• Reduction in accumulated savings by U.S. residents. Over the past three years, the U.S. government has undertaken extensive cash distribution operations. As a consequence, U.S. residents have substantially accumulated surplus savings. The impact of these transfer payments extends not only to households but also to the corporate sector. Comprehensive legislation, including the CARES Act, Coronavirus Tax Relief, American Rescue Plan, Infrastructure Investment and Jobs Act, CHIPS and Science Act and Inflation Reduction Act, resulted in the transfer of over $2.3 trillion to U.S. households and the corporate sector between 2020 and 2022, constituting 9.6 percent of U.S. GDP in 2021.

But these policy-driven fiscal injections are tapering off. Credit card delinquency rates are rising persistently, and mounting evidence suggests that consumers are feeling the financial strain of elevated prices and reduced savings relative to previous years. Further, wage growth for U.S. workers, which peaked in June, began to wane in July. This decline in income growth is poised to induce greater financial caution among U.S. consumers.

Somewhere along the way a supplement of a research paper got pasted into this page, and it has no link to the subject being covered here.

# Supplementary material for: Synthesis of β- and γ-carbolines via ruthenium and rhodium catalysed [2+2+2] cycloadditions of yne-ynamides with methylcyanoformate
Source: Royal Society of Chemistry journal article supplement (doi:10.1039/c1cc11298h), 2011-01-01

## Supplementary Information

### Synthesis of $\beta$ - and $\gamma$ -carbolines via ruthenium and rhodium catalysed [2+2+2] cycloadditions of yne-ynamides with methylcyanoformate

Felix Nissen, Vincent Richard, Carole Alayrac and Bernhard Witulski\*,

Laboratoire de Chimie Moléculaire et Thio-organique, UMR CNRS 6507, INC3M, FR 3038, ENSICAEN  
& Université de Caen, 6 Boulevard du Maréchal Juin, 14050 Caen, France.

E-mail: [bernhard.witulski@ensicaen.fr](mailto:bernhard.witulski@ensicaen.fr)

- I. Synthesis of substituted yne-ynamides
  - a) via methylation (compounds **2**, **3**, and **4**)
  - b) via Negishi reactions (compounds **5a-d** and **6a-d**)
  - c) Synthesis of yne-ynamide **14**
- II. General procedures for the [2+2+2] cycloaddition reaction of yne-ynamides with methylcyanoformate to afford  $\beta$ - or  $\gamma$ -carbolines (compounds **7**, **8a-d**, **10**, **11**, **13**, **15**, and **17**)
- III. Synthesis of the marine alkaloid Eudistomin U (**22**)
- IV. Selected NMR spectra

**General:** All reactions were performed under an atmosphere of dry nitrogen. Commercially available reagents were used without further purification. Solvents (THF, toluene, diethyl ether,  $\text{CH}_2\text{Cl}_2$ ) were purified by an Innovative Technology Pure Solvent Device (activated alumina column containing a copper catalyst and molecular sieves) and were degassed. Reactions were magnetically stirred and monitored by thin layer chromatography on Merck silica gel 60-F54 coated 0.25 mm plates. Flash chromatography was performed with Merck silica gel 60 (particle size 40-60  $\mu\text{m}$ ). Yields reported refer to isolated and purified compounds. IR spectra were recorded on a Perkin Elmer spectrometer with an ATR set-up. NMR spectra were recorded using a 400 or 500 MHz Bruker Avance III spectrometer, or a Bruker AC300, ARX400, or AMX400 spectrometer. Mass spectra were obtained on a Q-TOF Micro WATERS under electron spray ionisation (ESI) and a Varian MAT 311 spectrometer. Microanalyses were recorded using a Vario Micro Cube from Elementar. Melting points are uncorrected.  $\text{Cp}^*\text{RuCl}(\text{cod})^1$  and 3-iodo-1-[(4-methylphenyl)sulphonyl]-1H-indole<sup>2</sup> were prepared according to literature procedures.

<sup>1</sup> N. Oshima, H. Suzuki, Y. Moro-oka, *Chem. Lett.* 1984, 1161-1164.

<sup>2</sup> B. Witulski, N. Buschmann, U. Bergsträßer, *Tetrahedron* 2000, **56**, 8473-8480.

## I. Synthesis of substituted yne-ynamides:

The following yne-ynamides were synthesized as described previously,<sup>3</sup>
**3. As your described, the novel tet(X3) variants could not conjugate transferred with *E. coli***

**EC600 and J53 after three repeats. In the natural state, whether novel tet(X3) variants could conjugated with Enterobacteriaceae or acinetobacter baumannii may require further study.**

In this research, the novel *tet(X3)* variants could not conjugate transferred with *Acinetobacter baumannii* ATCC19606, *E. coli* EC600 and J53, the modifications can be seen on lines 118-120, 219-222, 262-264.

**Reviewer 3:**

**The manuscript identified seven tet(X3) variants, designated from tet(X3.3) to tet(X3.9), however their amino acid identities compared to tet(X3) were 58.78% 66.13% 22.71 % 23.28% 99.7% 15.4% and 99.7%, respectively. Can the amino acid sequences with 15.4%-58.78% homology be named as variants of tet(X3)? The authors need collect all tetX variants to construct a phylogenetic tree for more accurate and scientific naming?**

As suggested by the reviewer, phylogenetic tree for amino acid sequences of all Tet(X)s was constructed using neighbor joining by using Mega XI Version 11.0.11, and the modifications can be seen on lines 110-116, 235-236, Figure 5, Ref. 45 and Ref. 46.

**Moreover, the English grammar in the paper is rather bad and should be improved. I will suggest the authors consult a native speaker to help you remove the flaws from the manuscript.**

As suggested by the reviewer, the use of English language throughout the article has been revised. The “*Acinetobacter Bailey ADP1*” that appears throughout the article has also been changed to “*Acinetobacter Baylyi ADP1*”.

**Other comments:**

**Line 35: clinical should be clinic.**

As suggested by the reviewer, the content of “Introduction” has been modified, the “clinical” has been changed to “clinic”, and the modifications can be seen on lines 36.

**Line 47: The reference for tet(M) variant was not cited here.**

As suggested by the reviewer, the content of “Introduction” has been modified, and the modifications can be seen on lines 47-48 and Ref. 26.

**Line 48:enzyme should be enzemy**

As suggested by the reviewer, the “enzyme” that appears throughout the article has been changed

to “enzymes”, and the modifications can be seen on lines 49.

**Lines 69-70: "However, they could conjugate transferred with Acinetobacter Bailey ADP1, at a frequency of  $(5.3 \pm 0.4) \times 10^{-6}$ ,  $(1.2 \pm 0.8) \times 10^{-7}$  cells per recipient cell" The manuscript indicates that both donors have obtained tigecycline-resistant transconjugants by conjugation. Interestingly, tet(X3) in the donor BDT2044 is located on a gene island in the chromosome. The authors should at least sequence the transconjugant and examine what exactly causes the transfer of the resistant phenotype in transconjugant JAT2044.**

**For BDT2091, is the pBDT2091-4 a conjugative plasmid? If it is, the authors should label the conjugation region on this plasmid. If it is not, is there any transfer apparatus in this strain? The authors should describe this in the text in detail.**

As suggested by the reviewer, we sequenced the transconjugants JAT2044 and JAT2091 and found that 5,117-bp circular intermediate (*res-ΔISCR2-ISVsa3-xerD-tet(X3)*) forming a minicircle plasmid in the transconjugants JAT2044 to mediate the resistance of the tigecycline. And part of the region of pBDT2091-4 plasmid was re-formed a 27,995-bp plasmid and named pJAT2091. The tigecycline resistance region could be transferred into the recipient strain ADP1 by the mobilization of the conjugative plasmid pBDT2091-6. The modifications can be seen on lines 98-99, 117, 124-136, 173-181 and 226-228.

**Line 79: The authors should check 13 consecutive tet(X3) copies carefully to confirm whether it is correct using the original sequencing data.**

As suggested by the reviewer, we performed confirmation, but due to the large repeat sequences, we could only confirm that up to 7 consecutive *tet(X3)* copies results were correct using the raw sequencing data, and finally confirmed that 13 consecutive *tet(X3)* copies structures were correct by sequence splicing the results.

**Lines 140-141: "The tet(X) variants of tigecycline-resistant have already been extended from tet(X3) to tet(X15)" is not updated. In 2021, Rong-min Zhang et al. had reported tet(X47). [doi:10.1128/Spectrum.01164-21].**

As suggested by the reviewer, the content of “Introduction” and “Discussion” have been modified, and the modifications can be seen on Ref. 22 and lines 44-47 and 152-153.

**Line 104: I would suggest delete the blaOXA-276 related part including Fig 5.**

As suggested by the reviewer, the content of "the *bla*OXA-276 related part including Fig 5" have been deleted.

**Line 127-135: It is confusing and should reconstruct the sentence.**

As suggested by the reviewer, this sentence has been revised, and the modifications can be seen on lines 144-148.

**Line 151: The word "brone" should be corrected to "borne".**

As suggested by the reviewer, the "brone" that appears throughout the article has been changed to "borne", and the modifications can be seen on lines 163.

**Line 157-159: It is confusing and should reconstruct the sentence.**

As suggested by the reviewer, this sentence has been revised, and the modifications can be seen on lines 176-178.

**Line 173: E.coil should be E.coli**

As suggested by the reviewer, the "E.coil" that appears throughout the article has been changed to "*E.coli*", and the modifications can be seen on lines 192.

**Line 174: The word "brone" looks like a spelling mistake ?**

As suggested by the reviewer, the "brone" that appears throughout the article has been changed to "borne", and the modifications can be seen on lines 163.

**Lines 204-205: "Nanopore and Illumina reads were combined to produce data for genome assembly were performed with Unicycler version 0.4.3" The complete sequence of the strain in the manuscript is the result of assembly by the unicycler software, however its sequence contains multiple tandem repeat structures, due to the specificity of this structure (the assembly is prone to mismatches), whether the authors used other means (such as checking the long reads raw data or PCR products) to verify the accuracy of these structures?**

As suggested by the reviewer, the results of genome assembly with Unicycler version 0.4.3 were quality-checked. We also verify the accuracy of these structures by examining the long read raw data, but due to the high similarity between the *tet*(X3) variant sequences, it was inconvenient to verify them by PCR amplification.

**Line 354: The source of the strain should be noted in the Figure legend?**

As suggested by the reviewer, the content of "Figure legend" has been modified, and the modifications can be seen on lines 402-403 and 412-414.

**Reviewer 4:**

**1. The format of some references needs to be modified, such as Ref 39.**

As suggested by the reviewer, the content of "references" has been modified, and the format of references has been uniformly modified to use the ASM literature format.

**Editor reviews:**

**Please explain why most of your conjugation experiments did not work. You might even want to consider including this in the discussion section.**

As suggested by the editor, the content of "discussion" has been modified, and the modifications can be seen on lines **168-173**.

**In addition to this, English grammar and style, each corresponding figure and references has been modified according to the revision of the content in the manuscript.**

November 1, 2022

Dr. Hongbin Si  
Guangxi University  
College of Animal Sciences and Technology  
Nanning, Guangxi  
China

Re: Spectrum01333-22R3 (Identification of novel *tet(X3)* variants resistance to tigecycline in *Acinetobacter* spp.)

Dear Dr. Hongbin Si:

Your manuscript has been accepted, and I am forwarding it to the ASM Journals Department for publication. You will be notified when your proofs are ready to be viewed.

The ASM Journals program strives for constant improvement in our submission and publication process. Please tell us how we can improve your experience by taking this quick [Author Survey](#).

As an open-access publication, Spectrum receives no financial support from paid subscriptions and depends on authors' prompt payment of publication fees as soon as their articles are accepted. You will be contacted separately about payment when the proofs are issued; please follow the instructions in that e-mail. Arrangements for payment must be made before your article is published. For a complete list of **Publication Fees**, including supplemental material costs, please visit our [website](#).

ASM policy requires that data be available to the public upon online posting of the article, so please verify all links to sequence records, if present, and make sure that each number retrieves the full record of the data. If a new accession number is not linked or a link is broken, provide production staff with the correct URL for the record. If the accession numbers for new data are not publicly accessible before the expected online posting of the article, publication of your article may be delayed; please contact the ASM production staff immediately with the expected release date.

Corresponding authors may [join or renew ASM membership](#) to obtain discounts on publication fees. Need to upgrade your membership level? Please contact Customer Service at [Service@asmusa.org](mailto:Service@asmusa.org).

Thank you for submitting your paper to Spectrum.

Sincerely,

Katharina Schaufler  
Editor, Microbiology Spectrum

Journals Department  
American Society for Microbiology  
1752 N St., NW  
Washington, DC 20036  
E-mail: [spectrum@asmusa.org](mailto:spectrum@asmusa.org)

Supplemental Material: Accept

• Slowing of revival in U.S. manufacturing. Over the past 18 months, foreign investment in U.S. computer and electronics sector manufacturing has risen continuously, surging from a mere $17 million in 2021 to $54 billion in 2022, constituting 66 percent of the total new foreign direct investment for the year.

However, the sustainability of this trend warrants scrutiny. Although the Biden administration has robustly championed the resurgence of manufacturing, the number of manufacturing jobs has barely increased since January, hovering at approximately 13 million and showing only marginal growth since early 2020. Consequently, the sustainability of the revival of U.S. manufacturing remains uncertain. In fact, indications of this trend’s fragility have recently emerged in Texas, a prominent manufacturing hub in the U.S. Factory activity in Texas regressed again in August, with the production index plunging to -11.2, the lowest level since May 2020. Multiple indicators gauging manufacturing activity have also contracted.

• Relatively high inflation. Persistent inflation has continued to be a pressing concern in the U.S. during the second half of the year. While the U.S. core CPI exhibited a gradual descent, dropping from 5.3 percent in June to 4.8 percent in July and 4.7 percent in August, overall inflation levels rose from 3 percent in June to 3.2 percent in July, primarily due to surging food prices. The persistence of inflation will ensure the continuation of the Federal Reserve’s tight monetary policy. 

Financial market perils